Strep. Throat, the most serious type of pharyngitis is also primarily spread by droplets, likely primarily associated with coughing. Transmission through saliva on the edge of a cup may happen. Serious complications of strep are rare today. Sitting in church close to someone who is coughing is likely a far greater risk. Also far greater then ninety percent of sore throats are not caused by the Strep. Bacteria. They are caused by viruses and are generally relatively benign (not serious) self-limiting illnesses.
Coxackievirus is spread through direct contact with nose and throat secretions. They are common enough that many adults are likely immune. Most often these infections are found in children and are self limiting but severe infections do happen, usually in children.
Adenoviruses are spread by respiratory droplets and should not be of concern on the edge of a cup.
The Common Cold viruses are spread by aerosolized droplets and by direct contact. Coughing into your hand, then shaking someone's hand and the that person putting his hand to his face may be a significant mode of transmission. The Common Cold is not serious.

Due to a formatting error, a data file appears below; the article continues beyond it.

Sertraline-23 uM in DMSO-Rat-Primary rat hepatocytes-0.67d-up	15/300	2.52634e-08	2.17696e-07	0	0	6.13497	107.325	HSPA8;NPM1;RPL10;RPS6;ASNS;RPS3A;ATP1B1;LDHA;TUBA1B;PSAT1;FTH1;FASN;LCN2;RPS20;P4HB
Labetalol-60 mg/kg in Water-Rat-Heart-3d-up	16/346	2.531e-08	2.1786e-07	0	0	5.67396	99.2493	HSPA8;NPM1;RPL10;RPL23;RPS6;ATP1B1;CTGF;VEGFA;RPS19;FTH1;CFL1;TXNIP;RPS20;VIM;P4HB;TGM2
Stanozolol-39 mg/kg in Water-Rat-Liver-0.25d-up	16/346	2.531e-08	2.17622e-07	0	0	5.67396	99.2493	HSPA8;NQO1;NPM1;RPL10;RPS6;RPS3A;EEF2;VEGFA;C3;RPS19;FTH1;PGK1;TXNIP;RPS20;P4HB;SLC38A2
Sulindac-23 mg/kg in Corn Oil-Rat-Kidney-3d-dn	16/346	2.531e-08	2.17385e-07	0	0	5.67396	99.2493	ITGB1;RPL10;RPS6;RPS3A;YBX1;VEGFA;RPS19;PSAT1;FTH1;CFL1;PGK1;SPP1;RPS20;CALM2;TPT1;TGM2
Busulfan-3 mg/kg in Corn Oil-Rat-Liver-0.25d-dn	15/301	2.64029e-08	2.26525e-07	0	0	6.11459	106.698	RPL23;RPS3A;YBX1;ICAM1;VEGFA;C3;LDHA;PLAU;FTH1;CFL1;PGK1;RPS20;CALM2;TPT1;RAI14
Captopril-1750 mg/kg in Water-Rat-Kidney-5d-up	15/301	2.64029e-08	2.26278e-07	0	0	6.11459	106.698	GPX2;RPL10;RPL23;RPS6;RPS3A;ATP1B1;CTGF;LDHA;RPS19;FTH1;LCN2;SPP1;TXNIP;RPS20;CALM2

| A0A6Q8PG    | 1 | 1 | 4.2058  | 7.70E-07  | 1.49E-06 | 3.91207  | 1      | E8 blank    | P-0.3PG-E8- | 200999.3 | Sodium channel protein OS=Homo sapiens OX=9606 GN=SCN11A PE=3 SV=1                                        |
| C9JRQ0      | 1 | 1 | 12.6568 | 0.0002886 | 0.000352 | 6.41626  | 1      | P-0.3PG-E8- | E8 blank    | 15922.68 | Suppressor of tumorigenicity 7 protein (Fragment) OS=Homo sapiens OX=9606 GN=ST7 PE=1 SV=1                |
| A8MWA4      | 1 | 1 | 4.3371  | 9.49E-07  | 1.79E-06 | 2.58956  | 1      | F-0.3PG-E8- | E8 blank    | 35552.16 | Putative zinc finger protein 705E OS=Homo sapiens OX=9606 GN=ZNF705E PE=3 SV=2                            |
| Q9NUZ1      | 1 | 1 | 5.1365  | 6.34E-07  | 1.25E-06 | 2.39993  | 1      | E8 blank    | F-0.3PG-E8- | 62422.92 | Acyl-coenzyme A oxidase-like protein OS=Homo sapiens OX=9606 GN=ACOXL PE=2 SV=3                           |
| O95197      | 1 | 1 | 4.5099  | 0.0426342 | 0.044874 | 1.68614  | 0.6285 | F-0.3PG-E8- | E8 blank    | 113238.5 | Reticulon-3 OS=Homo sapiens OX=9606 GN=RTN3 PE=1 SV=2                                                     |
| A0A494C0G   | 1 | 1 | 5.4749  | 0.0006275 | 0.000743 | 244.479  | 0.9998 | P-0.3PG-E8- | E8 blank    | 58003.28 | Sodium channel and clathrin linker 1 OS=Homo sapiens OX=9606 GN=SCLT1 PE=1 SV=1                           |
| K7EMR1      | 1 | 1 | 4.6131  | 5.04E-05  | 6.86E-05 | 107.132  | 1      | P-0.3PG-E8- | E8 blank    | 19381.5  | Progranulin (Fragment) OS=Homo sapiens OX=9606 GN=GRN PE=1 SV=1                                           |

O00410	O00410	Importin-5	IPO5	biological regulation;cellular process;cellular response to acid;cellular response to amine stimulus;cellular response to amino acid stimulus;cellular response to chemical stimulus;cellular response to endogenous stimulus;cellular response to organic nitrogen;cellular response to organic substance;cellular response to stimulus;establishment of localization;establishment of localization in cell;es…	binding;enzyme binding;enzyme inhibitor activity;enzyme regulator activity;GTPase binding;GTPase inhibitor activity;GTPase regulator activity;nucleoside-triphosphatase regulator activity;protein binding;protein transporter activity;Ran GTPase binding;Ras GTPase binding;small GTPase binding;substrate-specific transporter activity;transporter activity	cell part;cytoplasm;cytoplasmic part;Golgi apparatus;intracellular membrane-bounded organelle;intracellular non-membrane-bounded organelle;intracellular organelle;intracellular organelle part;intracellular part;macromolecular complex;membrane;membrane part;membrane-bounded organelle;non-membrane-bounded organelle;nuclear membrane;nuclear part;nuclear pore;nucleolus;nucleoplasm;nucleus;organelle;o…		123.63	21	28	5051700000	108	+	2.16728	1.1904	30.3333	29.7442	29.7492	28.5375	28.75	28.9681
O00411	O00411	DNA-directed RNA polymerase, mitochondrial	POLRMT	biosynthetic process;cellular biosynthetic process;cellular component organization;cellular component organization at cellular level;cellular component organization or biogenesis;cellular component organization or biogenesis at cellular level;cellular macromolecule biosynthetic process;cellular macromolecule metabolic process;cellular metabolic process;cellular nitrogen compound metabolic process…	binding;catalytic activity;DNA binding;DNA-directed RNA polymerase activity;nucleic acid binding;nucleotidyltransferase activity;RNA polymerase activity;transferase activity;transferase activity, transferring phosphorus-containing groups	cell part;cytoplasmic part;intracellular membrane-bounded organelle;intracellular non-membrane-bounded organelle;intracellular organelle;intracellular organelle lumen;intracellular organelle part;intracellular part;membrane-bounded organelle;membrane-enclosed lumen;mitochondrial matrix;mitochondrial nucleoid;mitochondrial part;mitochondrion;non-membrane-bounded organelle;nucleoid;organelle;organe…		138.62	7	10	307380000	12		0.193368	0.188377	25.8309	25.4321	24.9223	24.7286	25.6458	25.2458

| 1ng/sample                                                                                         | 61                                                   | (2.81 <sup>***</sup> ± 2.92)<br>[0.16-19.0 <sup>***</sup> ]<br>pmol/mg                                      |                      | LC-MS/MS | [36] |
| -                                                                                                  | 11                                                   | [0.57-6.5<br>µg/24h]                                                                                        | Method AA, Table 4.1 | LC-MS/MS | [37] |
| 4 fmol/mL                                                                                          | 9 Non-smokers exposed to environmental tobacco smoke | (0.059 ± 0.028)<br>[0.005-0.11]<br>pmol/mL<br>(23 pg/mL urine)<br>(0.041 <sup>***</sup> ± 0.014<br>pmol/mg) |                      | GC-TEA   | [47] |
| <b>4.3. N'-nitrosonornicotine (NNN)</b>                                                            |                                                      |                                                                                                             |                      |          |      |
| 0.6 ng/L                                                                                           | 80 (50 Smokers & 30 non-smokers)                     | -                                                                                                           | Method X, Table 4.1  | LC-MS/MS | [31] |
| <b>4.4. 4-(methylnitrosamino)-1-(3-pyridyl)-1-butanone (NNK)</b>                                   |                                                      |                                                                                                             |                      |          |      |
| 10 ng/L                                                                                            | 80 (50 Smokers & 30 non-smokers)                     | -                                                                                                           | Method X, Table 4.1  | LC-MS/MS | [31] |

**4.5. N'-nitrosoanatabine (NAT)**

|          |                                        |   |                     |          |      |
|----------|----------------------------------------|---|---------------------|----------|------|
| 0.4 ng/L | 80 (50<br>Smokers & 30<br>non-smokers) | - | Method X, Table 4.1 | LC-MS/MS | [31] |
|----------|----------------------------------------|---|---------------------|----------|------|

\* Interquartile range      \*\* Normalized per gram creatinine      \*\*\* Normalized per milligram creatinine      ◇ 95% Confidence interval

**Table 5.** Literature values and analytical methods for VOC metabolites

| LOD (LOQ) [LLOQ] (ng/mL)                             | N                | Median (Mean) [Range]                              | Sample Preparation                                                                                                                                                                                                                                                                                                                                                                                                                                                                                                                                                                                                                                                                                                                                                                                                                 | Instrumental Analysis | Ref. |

Bronchiolitis, Bronchitis, and Pneumonia can all be grouped together. They describe the response of the infected person to a variety of infectious agents. The majority of these will be spread by droplets that are inhaled deeper into the body. I could not find a comment on this in my books but I suspect that infections that may be on the edge of a cup could not get deep enough into the lungs. Again the air around the infected person who coughs is a much greater concern.
Of all of the infections mentioned, except Herpes Simplex or Cold Sores, if they are present in the congregation at all, are in my opinion much more likely to be spread to susceptible people from others coughing and hand shaking or through their children having contact with each other than from the edge of the cup. Those concerned with using the common cup should be very concerned about sitting in church while someone else present is coughing.